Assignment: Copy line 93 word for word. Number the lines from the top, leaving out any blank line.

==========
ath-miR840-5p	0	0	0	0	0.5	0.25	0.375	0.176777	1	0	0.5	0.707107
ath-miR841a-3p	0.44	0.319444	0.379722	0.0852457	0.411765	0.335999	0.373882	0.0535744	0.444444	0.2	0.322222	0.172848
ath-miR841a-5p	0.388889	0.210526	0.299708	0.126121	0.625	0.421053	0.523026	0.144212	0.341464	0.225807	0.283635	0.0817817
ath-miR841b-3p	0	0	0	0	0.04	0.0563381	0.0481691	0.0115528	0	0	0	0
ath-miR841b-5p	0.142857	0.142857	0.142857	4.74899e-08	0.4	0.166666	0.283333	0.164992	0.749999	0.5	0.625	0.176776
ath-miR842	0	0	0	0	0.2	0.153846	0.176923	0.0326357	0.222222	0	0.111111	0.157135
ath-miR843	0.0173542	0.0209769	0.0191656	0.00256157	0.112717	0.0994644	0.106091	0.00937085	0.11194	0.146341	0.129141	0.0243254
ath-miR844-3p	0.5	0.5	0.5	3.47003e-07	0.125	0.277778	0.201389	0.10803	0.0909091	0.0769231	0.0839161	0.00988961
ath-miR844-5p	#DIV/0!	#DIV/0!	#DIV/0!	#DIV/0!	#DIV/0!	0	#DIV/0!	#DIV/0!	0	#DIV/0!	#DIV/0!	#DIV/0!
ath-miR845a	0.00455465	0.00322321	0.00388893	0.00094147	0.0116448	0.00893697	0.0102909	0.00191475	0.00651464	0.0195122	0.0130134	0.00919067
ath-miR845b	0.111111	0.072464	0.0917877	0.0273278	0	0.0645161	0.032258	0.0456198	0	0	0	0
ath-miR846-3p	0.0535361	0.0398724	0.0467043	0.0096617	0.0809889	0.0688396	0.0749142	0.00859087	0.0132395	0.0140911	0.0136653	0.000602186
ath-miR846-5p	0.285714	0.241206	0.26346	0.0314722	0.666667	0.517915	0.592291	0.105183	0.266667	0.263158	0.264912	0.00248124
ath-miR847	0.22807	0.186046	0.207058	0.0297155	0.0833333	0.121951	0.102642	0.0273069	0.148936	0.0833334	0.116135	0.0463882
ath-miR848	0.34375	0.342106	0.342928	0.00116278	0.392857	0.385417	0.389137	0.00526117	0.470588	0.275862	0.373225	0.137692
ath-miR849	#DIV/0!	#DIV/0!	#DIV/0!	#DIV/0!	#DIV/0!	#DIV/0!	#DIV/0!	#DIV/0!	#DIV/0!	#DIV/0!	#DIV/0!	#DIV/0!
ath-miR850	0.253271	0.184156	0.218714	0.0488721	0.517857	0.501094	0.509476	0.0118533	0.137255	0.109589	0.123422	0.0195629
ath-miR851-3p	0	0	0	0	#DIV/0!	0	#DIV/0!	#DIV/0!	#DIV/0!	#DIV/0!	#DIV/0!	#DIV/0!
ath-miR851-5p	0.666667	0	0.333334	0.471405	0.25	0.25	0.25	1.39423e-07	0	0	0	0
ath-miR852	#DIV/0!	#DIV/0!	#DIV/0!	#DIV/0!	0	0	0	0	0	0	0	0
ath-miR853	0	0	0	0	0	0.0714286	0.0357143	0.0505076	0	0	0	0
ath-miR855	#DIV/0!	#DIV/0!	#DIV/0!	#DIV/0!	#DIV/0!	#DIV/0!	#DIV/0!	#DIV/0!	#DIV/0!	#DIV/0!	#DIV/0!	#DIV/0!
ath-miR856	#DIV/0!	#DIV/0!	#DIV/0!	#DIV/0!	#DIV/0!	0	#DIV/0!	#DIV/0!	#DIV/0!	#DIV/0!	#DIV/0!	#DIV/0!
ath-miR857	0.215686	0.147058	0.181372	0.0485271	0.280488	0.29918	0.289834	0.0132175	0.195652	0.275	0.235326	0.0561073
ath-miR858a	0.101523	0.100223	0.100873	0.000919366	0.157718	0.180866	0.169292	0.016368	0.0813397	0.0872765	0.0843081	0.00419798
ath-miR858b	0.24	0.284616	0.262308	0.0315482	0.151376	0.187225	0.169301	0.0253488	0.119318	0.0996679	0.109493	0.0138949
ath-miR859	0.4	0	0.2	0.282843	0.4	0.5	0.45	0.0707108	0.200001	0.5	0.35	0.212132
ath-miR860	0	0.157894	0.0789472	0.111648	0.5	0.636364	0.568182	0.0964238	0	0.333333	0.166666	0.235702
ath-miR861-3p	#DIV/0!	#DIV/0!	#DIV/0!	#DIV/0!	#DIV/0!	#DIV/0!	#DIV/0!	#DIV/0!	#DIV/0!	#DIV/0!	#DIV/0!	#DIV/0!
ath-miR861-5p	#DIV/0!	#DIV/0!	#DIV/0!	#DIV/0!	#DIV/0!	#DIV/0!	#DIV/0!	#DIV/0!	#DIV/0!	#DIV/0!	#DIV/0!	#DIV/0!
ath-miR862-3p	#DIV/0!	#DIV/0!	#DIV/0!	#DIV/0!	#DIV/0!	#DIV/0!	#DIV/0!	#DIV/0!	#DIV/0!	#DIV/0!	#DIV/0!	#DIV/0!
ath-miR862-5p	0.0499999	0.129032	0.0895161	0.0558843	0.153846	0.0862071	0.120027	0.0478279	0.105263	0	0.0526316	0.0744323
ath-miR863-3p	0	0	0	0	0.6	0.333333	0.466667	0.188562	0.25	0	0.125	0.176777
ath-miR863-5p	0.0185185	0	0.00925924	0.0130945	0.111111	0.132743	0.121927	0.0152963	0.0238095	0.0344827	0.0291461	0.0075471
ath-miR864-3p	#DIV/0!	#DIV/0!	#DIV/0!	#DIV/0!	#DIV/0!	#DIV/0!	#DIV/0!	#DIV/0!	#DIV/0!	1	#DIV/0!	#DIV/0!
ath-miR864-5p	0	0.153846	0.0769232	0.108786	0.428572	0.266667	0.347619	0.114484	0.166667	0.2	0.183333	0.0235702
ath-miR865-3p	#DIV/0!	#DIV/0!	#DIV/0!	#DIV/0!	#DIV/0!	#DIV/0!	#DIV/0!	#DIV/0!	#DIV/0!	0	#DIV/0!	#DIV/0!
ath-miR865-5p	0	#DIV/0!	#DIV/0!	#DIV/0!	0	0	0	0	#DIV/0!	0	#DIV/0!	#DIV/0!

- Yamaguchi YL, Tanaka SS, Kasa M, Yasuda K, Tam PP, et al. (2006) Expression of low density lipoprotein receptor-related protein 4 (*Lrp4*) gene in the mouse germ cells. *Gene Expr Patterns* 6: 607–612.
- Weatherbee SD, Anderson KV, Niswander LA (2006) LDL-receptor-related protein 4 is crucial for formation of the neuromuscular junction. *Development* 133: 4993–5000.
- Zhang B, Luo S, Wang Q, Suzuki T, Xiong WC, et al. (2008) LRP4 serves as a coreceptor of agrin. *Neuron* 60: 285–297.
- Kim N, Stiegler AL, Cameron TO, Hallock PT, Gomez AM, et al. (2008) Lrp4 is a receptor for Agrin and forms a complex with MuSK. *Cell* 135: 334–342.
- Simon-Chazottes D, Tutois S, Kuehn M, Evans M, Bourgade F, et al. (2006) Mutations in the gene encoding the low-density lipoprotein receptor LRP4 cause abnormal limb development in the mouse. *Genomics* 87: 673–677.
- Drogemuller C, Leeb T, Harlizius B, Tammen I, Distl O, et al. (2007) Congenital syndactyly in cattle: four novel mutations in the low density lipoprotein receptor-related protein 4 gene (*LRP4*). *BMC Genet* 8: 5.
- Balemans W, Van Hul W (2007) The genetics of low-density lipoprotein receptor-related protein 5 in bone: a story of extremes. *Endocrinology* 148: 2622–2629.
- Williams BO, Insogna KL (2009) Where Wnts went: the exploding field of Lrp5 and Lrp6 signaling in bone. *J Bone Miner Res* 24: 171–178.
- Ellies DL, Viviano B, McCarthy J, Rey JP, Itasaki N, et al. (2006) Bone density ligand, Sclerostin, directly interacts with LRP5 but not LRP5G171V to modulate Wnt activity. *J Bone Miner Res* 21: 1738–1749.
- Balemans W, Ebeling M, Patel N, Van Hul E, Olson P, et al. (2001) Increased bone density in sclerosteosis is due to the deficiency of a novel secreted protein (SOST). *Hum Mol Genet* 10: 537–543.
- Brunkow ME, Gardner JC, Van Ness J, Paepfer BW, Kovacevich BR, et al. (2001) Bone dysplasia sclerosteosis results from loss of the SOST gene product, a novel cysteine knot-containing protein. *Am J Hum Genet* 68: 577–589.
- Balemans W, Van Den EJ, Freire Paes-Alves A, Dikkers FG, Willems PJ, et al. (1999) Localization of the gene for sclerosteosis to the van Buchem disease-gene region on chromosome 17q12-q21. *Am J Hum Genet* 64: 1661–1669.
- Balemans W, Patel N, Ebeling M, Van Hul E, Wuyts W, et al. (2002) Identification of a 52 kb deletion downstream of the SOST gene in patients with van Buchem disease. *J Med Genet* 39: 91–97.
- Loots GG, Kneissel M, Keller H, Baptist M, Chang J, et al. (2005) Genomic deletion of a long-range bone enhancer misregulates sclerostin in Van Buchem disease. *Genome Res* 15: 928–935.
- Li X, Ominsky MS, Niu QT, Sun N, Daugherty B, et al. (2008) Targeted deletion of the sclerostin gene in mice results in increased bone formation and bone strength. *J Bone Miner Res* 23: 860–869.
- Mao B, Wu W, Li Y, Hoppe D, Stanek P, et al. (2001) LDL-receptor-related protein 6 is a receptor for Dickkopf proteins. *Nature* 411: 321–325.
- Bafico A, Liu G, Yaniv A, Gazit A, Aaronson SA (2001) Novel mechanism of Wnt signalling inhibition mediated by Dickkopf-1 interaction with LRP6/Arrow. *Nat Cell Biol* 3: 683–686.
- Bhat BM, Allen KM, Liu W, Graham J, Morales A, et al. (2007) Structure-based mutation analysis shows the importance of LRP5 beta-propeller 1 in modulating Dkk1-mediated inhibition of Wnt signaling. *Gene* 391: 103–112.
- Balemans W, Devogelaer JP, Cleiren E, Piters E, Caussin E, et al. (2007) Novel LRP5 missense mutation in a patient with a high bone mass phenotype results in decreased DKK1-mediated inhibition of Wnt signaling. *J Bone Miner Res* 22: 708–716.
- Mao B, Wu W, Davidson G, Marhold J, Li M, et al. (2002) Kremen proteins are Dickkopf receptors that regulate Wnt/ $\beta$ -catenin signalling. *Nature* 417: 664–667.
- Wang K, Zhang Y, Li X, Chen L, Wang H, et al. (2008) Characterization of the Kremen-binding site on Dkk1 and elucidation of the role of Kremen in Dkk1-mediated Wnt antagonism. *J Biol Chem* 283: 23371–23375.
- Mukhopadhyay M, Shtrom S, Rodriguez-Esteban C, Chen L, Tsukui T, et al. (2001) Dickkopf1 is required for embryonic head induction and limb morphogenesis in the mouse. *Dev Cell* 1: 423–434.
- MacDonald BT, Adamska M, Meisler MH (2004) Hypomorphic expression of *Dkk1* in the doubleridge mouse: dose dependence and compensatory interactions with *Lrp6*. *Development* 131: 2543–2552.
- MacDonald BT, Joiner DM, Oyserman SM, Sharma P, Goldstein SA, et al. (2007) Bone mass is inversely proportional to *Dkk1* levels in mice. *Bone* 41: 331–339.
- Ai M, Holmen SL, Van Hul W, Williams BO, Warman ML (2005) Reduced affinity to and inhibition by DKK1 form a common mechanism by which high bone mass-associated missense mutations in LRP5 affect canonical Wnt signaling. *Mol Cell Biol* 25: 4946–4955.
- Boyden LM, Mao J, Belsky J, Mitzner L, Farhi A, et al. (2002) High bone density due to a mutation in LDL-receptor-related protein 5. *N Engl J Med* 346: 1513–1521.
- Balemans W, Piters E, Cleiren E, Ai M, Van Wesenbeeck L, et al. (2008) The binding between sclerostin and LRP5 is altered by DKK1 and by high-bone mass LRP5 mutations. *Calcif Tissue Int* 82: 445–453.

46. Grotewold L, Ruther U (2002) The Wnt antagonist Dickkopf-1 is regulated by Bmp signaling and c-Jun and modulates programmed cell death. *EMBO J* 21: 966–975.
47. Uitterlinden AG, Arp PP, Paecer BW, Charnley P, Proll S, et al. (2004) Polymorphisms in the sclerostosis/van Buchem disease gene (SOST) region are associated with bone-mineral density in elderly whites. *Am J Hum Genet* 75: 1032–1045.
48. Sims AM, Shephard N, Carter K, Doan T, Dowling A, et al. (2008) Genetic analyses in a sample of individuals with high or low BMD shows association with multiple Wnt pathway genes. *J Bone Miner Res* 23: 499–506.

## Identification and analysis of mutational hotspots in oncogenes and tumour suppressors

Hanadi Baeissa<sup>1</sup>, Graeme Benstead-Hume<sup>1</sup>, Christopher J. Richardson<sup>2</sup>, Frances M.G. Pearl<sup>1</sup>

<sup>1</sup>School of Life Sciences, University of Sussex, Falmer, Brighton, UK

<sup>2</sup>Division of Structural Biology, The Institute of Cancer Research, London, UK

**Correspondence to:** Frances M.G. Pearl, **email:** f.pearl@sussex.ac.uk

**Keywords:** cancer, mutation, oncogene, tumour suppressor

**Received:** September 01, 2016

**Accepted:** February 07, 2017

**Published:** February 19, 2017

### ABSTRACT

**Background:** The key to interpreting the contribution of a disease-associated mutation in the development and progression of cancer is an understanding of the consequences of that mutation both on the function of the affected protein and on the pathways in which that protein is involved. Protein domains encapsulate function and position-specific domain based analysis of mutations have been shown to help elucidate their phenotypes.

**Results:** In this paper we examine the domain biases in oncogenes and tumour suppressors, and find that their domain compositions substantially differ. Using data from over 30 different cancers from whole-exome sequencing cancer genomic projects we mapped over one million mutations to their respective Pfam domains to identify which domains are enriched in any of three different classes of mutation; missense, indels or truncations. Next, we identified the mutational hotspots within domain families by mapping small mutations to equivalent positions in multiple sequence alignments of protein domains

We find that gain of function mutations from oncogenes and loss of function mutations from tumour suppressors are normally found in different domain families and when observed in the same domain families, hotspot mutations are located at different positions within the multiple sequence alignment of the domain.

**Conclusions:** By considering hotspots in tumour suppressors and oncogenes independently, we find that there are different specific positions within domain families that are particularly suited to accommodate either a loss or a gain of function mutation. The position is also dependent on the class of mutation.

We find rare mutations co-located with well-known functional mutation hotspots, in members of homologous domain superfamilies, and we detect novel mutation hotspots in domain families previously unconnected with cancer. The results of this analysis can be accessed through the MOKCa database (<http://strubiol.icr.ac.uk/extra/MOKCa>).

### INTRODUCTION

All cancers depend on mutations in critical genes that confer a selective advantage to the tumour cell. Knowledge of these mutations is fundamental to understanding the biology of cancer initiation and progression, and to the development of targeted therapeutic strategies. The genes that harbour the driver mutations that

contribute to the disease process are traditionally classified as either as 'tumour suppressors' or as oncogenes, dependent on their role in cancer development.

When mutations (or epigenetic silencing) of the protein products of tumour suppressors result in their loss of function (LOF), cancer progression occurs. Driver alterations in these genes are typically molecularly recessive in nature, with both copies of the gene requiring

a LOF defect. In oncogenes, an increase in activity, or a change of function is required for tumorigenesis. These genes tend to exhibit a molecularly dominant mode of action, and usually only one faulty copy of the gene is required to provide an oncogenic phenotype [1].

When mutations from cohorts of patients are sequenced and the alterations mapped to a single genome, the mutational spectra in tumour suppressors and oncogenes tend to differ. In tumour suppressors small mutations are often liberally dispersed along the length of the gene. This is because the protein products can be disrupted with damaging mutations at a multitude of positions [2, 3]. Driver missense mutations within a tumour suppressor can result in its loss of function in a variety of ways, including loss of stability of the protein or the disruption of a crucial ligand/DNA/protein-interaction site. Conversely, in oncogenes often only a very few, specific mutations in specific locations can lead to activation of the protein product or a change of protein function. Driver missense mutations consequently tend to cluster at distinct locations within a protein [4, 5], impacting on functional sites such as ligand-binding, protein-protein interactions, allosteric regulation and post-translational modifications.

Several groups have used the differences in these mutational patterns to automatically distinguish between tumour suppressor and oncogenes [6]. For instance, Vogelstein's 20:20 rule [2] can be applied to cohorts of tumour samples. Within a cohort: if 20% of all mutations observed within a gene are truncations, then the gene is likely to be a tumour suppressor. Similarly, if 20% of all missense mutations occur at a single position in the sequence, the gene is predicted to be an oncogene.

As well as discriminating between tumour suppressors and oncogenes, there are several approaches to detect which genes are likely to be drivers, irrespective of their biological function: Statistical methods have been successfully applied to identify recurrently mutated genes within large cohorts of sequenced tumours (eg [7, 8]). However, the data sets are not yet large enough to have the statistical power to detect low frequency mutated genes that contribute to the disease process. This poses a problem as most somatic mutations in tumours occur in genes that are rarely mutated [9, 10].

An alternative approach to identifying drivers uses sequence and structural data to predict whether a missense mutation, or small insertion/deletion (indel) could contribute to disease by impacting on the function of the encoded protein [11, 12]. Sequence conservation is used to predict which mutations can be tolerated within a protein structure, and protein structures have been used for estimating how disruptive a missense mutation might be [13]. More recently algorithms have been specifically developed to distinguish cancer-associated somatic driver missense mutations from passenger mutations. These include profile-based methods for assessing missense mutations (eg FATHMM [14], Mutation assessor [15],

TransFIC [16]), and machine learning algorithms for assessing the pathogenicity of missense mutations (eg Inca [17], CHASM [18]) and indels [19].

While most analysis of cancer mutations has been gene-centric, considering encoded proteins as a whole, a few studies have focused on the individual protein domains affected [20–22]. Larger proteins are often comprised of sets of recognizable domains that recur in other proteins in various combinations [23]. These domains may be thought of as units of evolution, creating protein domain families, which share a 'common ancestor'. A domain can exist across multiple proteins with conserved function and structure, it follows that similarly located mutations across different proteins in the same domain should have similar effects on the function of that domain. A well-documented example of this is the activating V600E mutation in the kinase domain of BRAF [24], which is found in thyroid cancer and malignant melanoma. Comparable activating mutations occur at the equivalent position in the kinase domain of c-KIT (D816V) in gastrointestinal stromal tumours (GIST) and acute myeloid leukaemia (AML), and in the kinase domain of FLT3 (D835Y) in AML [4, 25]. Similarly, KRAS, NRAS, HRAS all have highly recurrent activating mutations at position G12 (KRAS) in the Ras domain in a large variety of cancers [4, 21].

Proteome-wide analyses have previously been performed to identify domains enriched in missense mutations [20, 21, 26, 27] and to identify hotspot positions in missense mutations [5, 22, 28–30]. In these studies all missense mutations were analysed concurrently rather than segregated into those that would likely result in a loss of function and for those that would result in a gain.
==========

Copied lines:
TransFIC [16]), and machine learning algorithms for assessing the pathogenicity of missense mutations (eg Inca [17], CHASM [18]) and indels [19].